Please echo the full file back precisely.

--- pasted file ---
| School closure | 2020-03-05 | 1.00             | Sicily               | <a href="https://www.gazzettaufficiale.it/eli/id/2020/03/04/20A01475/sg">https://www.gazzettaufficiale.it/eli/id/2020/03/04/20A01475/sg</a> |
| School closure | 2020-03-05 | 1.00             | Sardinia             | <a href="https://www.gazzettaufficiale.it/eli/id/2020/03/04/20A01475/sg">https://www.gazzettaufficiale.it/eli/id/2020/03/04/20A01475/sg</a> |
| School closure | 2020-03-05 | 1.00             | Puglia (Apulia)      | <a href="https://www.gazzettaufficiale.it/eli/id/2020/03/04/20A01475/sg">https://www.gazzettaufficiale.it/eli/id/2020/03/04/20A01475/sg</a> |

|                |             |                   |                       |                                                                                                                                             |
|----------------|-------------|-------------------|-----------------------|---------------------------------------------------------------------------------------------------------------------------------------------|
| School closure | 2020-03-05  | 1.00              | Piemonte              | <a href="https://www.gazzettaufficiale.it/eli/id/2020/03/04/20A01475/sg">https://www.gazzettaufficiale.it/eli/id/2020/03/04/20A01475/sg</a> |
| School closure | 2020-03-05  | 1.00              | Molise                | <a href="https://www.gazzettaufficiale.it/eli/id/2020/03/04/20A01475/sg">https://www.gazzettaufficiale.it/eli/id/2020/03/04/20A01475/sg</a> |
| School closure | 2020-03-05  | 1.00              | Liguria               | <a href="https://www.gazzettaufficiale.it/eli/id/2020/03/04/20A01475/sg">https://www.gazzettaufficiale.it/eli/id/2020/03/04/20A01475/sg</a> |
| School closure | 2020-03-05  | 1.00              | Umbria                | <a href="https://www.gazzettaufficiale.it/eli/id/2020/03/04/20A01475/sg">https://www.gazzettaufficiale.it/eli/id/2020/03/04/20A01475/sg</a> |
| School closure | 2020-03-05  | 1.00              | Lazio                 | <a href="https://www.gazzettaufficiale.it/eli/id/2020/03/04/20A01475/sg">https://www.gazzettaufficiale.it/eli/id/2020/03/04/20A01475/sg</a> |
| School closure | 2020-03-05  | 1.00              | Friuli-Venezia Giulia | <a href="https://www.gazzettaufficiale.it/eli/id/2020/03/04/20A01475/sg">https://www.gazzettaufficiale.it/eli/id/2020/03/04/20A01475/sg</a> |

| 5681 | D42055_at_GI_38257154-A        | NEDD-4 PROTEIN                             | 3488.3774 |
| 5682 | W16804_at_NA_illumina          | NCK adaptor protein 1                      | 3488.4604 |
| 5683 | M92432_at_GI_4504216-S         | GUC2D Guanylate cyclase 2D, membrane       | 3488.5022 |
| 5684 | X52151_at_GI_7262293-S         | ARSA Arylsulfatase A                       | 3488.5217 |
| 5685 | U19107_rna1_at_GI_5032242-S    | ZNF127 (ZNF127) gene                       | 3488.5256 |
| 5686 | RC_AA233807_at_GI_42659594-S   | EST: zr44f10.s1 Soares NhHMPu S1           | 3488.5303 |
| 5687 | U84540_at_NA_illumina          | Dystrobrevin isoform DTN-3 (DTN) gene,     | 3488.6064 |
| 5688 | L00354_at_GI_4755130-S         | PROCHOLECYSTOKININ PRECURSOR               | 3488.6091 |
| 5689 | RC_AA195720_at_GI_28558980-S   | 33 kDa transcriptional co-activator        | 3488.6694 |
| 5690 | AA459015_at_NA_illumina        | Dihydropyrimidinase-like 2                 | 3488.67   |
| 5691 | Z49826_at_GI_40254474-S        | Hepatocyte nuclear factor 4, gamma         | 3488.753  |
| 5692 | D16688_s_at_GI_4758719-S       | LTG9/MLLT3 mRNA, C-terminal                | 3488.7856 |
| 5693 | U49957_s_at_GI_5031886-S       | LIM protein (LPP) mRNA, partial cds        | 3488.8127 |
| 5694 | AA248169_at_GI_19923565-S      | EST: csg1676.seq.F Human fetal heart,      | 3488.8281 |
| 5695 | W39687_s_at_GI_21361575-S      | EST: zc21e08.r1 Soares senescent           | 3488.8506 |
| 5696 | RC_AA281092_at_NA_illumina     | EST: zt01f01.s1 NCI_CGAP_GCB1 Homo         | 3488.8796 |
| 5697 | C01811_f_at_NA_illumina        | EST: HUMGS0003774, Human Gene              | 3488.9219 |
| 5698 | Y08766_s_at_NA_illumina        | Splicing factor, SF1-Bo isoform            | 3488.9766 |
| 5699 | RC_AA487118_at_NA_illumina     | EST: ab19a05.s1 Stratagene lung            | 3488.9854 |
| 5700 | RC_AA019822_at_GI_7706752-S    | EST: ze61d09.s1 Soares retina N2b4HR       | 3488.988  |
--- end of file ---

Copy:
| School closure | 2020-03-05 | 1.00             | Sicily               | <a href="https://www.gazzettaufficiale.it/eli/id/2020/03/04/20A01475/sg">https://www.gazzettaufficiale.it/eli/id/2020/03/04/20A01475/sg</a> |
| School closure | 2020-03-05 | 1.00             | Sardinia             | <a href="https://www.gazzettaufficiale.it/eli/id/2020/03/04/20A01475/sg">https://www.gazzettaufficiale.it/eli/id/2020/03/04/20A01475/sg</a> |
| School closure | 2020-03-05 | 1.00             | Puglia (Apulia)      | <a href="https://www.gazzettaufficiale.it/eli/id/2020/03/04/20A01475/sg">https://www.gazzettaufficiale.it/eli/id/2020/03/04/20A01475/sg</a> |

|                |             |                   |                       |                                                                                                                                             |
|----------------|-------------|-------------------|-----------------------|---------------------------------------------------------------------------------------------------------------------------------------------|
| School closure | 2020-03-05  | 1.00              | Piemonte              | <a href="https://www.gazzettaufficiale.it/eli/id/2020/03/04/20A01475/sg">https://www.gazzettaufficiale.it/eli/id/2020/03/04/20A01475/sg</a> |
| School closure | 2020-03-05  | 1.00              | Molise                | <a href="https://www.gazzettaufficiale.it/eli/id/2020/03/04/20A01475/sg">https://www.gazzettaufficiale.it/eli/id/2020/03/04/20A01475/sg</a> |
| School closure | 2020-03-05  | 1.00              | Liguria               | <a href="https://www.gazzettaufficiale.it/eli/id/2020/03/04/20A01475/sg">https://www.gazzettaufficiale.it/eli/id/2020/03/04/20A01475/sg</a> |
| School closure | 2020-03-05  | 1.00              | Umbria                | <a href="https://www.gazzettaufficiale.it/eli/id/2020/03/04/20A01475/sg">https://www.gazzettaufficiale.it/eli/id/2020/03/04/20A01475/sg</a> |
| School closure | 2020-03-05  | 1.00              | Lazio                 | <a href="https://www.gazzettaufficiale.it/eli/id/2020/03/04/20A01475/sg">https://www.gazzettaufficiale.it/eli/id/2020/03/04/20A01475/sg</a> |
| School closure | 2020-03-05  | 1.00              | Friuli-Venezia Giulia | <a href="https://www.gazzettaufficiale.it/eli/id/2020/03/04/20A01475/sg">https://www.gazzettaufficiale.it/eli/id/2020/03/04/20A01475/sg</a> |

| 5681 | D42055_at_GI_38257154-A        | NEDD-4 PROTEIN                             | 3488.3774 |
| 5682 | W16804_at_NA_illumina          | NCK adaptor protein 1                      | 3488.4604 |
| 5683 | M92432_at_GI_4504216-S         | GUC2D Guanylate cyclase 2D, membrane       | 3488.5022 |
| 5684 | X52151_at_GI_7262293-S         | ARSA Arylsulfatase A                       | 3488.5217 |
| 5685 | U19107_rna1_at_GI_5032242-S    | ZNF127 (ZNF127) gene                       | 3488.5256 |
| 5686 | RC_AA233807_at_GI_42659594-S   | EST: zr44f10.s1 Soares NhHMPu S1           | 3488.5303 |
| 5687 | U84540_at_NA_illumina          | Dystrobrevin isoform DTN-3 (DTN) gene,     | 3488.6064 |
| 5688 | L00354_at_GI_4755130-S         | PROCHOLECYSTOKININ PRECURSOR               | 3488.6091 |
| 5689 | RC_AA195720_at_GI_28558980-S   | 33 kDa transcriptional co-activator        | 3488.6694 |
| 5690 | AA459015_at_NA_illumina        | Dihydropyrimidinase-like 2                 | 3488.67   |
| 5691 | Z49826_at_GI_40254474-S        | Hepatocyte nuclear factor 4, gamma         | 3488.753  |
| 5692 | D16688_s_at_GI_4758719-S       | LTG9/MLLT3 mRNA, C-terminal                | 3488.7856 |
| 5693 | U49957_s_at_GI_5031886-S       | LIM protein (LPP) mRNA, partial cds        | 3488.8127 |
| 5694 | AA248169_at_GI_19923565-S      | EST: csg1676.seq.F Human fetal heart,      | 3488.8281 |
| 5695 | W39687_s_at_GI_21361575-S      | EST: zc21e08.r1 Soares senescent           | 3488.8506 |
| 5696 | RC_AA281092_at_NA_illumina     | EST: zt01f01.s1 NCI_CGAP_GCB1 Homo         | 3488.8796 |
| 5697 | C01811_f_at_NA_illumina        | EST: HUMGS0003774, Human Gene              | 3488.9219 |
| 5698 | Y08766_s_at_NA_illumina        | Splicing factor, SF1-Bo isoform            | 3488.9766 |
| 5699 | RC_AA487118_at_NA_illumina     | EST: ab19a05.s1 Stratagene lung            | 3488.9854 |
| 5700 | RC_AA019822_at_GI_7706752-S    | EST: ze61d09.s1 Soares retina N2b4HR       | 3488.988  |